"We could get all the labels in the world on the service but we still couldn't do anything without the publishing rights."
——Hank Barry, Napster CEO

BARRY SEES MUSIC PUBLISHERS AS KEY TO ONLINE SERVICES

Napster CEO "Thinking About Publishing," Could Be Talking About Memoirs, Dissertation
Since the battle for online music won’t really be finished until the music publishers decide what they want out of the deal, maybe it’s not such a bad idea that Hank Barry, CEO of the beleaguered netco Napster, is "spending a lot of time thinking about publishing."

Said Barry in a recent interview with Reuters, "We could get all the labels in the world on the service but we still couldn't do anything without the publishing rights."

Barry echoed what many big label executives are grappling with as a growing dispute over publishers' royalty rates threatens to undermine recently announced plans to launch commercial services—such as the RealNetworks/Warner Music/EMI/Bertie joint venture MusicNet or Sony/Vivendi Universal’s Duet subscription service—as alternatives to Napster.

Meanwhile, since a February legal smackdown (hitsdailydouble.com, 2/12), Napster has seen its usage drop to 150,000 downloads a day from 250,000.

But Napster still plans to launch the pay version of its site by this summer—which, incidentally, officially begins in about 22 days. To bolster the new pay version of Napster, Barry admitted to Reuters that he had been talking with many parties, including the big labels, technology companies (such as Microsoft, perhaps you’ve heard of them?) and the music publishers. But Barry claimed that subscription services could succeed even without big label content.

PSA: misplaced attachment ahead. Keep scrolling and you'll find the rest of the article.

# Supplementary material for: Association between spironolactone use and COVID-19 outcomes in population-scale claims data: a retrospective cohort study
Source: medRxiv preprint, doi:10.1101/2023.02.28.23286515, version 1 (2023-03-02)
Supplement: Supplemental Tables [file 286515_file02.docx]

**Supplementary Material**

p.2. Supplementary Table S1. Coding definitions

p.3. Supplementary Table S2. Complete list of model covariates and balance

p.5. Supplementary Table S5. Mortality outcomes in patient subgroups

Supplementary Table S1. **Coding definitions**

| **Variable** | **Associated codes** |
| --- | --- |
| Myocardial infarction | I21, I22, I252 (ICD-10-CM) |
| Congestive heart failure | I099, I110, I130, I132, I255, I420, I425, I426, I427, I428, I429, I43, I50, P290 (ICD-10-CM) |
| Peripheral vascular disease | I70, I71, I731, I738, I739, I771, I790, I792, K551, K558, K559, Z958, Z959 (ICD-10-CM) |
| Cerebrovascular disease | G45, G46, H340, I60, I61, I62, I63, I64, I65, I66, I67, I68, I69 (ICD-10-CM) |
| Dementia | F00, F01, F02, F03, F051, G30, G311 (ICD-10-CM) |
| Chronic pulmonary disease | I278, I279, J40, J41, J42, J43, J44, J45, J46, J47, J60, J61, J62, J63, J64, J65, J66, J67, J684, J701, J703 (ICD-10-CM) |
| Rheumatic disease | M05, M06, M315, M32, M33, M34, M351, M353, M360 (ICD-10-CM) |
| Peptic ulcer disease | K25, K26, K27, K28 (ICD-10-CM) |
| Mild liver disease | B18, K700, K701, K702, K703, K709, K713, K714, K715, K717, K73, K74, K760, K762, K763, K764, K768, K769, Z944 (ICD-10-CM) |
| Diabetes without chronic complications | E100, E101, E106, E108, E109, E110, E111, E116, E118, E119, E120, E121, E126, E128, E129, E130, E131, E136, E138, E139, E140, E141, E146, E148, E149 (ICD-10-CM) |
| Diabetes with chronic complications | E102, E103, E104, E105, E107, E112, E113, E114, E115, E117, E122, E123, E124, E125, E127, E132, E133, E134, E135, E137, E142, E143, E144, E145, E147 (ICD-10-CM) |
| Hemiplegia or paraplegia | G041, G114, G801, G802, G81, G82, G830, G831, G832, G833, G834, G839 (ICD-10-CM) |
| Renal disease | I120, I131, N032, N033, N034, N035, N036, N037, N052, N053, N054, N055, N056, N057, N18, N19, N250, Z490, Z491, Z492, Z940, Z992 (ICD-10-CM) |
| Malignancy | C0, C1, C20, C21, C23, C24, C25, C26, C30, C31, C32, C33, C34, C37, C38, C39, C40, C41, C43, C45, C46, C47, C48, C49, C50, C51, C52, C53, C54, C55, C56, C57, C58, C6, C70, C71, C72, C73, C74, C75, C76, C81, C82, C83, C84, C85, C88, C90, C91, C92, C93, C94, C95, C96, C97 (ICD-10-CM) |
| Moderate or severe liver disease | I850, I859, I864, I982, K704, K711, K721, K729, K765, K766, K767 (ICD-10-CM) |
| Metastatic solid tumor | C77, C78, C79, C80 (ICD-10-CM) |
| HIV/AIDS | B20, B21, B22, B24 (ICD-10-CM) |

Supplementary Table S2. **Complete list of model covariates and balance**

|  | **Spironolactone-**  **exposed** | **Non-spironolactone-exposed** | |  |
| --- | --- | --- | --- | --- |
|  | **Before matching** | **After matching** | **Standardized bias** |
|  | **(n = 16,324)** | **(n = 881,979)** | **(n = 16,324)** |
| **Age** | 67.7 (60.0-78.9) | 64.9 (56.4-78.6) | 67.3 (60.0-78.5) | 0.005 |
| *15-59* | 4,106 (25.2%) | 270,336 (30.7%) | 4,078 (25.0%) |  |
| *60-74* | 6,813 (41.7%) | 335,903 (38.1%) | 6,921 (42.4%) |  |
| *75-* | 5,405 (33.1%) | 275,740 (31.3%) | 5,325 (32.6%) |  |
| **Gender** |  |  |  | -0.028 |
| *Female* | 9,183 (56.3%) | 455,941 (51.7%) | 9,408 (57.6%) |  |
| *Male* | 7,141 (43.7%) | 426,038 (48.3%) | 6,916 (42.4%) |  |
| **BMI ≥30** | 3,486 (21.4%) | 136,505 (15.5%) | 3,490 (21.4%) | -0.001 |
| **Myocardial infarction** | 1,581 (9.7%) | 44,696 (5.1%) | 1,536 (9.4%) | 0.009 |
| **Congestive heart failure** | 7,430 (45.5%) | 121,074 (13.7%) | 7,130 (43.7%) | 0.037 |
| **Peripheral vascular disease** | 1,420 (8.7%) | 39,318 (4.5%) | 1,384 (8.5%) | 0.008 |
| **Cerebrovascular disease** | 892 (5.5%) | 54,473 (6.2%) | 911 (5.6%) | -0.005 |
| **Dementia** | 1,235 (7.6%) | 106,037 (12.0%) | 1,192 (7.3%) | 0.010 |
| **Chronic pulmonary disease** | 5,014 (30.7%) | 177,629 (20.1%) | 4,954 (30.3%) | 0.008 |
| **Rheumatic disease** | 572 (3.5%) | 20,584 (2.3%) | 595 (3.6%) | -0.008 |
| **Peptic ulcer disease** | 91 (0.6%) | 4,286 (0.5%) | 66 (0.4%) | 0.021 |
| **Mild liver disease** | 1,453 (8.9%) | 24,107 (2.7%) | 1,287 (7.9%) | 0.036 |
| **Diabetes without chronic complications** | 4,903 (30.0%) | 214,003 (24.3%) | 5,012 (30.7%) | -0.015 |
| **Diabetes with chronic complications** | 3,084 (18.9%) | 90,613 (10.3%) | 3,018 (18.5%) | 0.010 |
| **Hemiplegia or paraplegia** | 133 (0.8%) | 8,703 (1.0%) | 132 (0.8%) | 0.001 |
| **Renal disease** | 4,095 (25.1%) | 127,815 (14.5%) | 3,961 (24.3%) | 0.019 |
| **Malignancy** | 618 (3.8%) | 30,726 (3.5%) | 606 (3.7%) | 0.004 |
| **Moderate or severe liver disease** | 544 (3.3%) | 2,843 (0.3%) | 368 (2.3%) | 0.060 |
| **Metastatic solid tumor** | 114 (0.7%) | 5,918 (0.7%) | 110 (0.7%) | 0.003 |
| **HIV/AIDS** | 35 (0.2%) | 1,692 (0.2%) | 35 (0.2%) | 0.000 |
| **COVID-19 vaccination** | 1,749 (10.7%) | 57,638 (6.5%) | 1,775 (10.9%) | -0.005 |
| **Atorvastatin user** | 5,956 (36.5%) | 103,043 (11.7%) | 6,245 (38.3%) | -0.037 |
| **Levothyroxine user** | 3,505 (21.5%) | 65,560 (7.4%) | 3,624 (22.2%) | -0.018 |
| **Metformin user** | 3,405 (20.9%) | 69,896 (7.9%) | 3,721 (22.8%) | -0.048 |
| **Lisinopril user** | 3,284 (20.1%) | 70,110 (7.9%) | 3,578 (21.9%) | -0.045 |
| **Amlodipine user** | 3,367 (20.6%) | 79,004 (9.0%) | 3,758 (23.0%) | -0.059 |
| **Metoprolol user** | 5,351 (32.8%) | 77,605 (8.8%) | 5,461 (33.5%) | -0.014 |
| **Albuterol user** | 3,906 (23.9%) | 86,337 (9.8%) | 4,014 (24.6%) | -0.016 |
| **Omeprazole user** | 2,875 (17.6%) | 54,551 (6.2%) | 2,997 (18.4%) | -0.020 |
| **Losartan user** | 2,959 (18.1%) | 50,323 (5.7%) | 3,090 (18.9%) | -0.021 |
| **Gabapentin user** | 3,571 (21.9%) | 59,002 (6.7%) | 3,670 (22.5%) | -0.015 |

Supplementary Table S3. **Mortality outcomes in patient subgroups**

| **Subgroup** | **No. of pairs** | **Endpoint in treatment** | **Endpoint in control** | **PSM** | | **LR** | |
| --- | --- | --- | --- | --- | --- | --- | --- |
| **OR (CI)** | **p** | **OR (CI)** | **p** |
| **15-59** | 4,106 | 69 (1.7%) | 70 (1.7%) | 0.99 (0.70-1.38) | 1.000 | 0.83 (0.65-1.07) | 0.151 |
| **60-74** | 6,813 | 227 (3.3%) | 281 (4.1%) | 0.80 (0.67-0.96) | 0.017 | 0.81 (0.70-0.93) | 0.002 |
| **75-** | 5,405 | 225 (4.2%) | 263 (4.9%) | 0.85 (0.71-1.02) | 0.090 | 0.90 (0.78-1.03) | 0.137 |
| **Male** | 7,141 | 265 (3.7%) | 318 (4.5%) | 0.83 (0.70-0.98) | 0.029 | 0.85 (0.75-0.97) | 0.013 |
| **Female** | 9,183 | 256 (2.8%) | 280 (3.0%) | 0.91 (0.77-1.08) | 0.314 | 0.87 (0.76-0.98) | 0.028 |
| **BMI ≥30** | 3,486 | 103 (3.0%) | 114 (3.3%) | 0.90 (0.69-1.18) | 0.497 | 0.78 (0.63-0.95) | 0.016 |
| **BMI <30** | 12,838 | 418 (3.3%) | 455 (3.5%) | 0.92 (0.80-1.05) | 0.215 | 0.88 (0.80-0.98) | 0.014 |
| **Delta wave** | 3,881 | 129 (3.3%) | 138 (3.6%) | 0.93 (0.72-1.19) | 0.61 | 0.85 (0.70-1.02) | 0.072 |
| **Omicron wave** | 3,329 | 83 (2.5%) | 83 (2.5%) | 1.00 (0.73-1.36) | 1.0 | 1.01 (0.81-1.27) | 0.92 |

"Our internal research shows that a significant amount of users will pay for the new Napster service even without major label content," Barry said. "That makes music publishing really important. The new service is being built to enable all artists and songwriters to receive payments whether they're on a major label or not."

Industry insiders were curious to know just how Barry defined both "internal research" and "significant amount."

But even if the pay version of Napster doesn’t succeed, there is still the issue of MusicNet and Duet—two ventures Barry is also trying to work out a deal with—and whether those services will strike an acceptable deal with the music publishers.

Last week, the U.S. Copyright Office received comments from several parties and companies, including Napster, who sided with the National Music Publishers' Association on several fronts.

Both Napster the NMPA urged the Copyright Office to reject calls by record labels to initiate a rule making procedure on the issue. The publishers said the labels had called for a moratorium on payment of certain royalties to songwriters and music publishers for use of their works over the Internet.

"Before the labels launch those services," said NMPA president Edward Murphy, who took time out of providing the voice for a hilarious computer-generated talking donkey to give Reuters a quote, "they need to have our licenses and they could hold this process up from one to two years with the process they are requesting through the copyright office."

Which, to us at HITS, sounds like we’ll have plenty to write about in the coming months.

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